Does “MD” = “Credible”?

Finding reputable information online can be hard.  It’s even more difficult when someone with “MD” after his name publishes inaccurate information.

As far as I’m concerned, doctors can write pretty much whatever they want on blogs.  I might not agree with opinions expressed, I might disapprove of the unprofessional tone a few blogs take, but they’re blogs and not usually purporting to provide medical advice.  It’s different when someone has a website for a medical practice and is supposedly providing patient information.

Medical explanations on practice websites ought to be accurate.  The above-pictured sample is inaccurate and harmful.  Patients struggling with a decision on what type of medicine to take wonder why their doctor wants such strong meds, yet this doctor on the internet says conservative treatment is fine.  Patients who take the plunge and fill a DMARD prescription have spouses/siblings/parents try to dissuade them because they found a website saying they don’t need anything more than simple ibuprofen.  Patients struggling with the fact that most of the world has no clue about RA also have to deal with doctors who can’t tell the difference between RA and OA.

Rheumatoid arthritis needs early, aggressive treatment.  You will piss off the RA community if you publish bad advice on this subject.  We had a very difficult time finding good information when we were diagnosed, and are trying to make life a little easier for those who are unfortunate enough to come behind us.  NSAIDs do not lead to a good outcome.  DMARDs are needed.  If milder DMARDs fail to work (it’s the med that fails, not the patient, btw), then biologics are needed.  It is scary enough to read the side effects of these medicines and contemplate taking them, without having a medical doctor telling people that they only need conservative treatment.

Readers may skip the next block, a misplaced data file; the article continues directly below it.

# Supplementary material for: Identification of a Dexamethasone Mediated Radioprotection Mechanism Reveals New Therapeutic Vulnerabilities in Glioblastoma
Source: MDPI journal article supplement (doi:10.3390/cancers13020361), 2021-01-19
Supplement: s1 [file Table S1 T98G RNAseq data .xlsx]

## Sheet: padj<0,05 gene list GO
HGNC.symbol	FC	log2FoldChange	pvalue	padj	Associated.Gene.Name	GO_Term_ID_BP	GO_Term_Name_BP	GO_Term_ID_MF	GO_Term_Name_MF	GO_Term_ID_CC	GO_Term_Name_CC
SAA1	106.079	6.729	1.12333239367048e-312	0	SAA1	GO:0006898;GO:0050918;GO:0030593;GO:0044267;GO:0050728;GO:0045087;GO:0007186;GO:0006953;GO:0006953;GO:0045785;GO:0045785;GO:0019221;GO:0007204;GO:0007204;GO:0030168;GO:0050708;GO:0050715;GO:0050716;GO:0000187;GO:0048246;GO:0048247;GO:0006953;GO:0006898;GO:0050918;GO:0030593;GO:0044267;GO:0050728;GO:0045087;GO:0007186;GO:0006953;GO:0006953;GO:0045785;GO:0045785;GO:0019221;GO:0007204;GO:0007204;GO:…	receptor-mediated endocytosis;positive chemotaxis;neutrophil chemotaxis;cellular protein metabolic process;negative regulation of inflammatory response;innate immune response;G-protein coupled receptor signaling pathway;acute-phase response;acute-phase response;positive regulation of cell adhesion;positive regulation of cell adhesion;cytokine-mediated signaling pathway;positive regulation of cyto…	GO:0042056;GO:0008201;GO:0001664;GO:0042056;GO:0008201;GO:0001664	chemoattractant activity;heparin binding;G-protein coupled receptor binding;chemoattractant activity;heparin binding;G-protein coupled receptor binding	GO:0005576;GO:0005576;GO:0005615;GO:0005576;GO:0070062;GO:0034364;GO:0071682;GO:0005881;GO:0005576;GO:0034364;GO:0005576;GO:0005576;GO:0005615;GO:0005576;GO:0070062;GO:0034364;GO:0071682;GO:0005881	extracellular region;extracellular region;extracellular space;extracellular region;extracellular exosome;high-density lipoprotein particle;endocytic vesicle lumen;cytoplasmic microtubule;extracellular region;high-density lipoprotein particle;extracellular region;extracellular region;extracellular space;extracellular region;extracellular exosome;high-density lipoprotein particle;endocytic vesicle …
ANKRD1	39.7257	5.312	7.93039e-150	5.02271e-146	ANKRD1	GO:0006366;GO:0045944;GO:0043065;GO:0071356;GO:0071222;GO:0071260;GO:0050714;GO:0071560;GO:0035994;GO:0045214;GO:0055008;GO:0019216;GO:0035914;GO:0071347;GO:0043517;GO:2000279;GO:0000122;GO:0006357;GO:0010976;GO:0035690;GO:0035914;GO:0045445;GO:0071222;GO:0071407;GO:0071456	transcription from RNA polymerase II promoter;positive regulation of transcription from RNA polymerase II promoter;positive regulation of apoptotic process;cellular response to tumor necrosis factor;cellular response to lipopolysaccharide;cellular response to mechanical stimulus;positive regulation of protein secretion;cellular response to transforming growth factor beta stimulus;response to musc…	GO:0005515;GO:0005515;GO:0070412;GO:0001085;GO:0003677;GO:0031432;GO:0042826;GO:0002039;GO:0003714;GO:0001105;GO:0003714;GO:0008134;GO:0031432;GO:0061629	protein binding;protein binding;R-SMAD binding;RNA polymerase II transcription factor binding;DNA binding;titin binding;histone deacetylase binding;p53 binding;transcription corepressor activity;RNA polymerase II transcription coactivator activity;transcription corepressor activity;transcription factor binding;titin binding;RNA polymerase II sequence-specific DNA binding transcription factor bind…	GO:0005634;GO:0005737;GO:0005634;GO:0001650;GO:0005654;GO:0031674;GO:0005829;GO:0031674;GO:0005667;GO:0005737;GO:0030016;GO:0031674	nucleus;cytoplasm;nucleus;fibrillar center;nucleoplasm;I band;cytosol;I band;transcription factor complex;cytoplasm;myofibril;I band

I’m truly astonished at how bad just a few paragraphs can be and still get published.  If this were handed in as a school assignment, it would be returned with red ink all over it and have to be re-written.

Web pages like this scare me.  I don’t think I will ever again believe that “MD” after someone’s name automatically equates to credibility when discussing medical information.  The fact that a surgeon (substitute specialty of your choice here) gets referrals for RA patients does not necessarily mean that the surgeon (__) has kept current on rheumatology.

Consider the source.  Don’t ask a neurologist for advice about cardiology.  Don’t ask a surgeon about RA treatments.

Edit to add:

Just to clarify, I have intentionally not named the doctor who wrote the article in question so that googling his name won’t bring up this post.  I believe that:

  1. the author does not understand RA enough to be publishing online definitions.
  2. people should look at the article in context.  The author is a surgeon.  A surgeon’s website about how to deal with back pain is going to have the option of surgery as a presupposition, whether or not that is explicitly stated.  Surgeons tend to define “conservative” as “not surgery,”  so it is reasonable to believe that the author did not intend to say “stick with NSAIDs; avoid DMARDs and biologics” but might have meant “try medicine/PT to treat this, instead of jumping straight to surgery.”  That is not what he says, but it’s entirely reasonable to think that’s what he intended to say.
  3. the author needs to update his website to reflect current medical knowledge of RA.

1 thought on “Does “MD” = “Credible”?

  1. The article referenced was written by an orthopedic surgeon. If he makes money by operating on damaged joints, maybe he WANTS people to only take NSAIDs instead of the RA meds that prevent joint damage. I could be wrong. Maybe he just doesn’t have a clue about how to treat RA.

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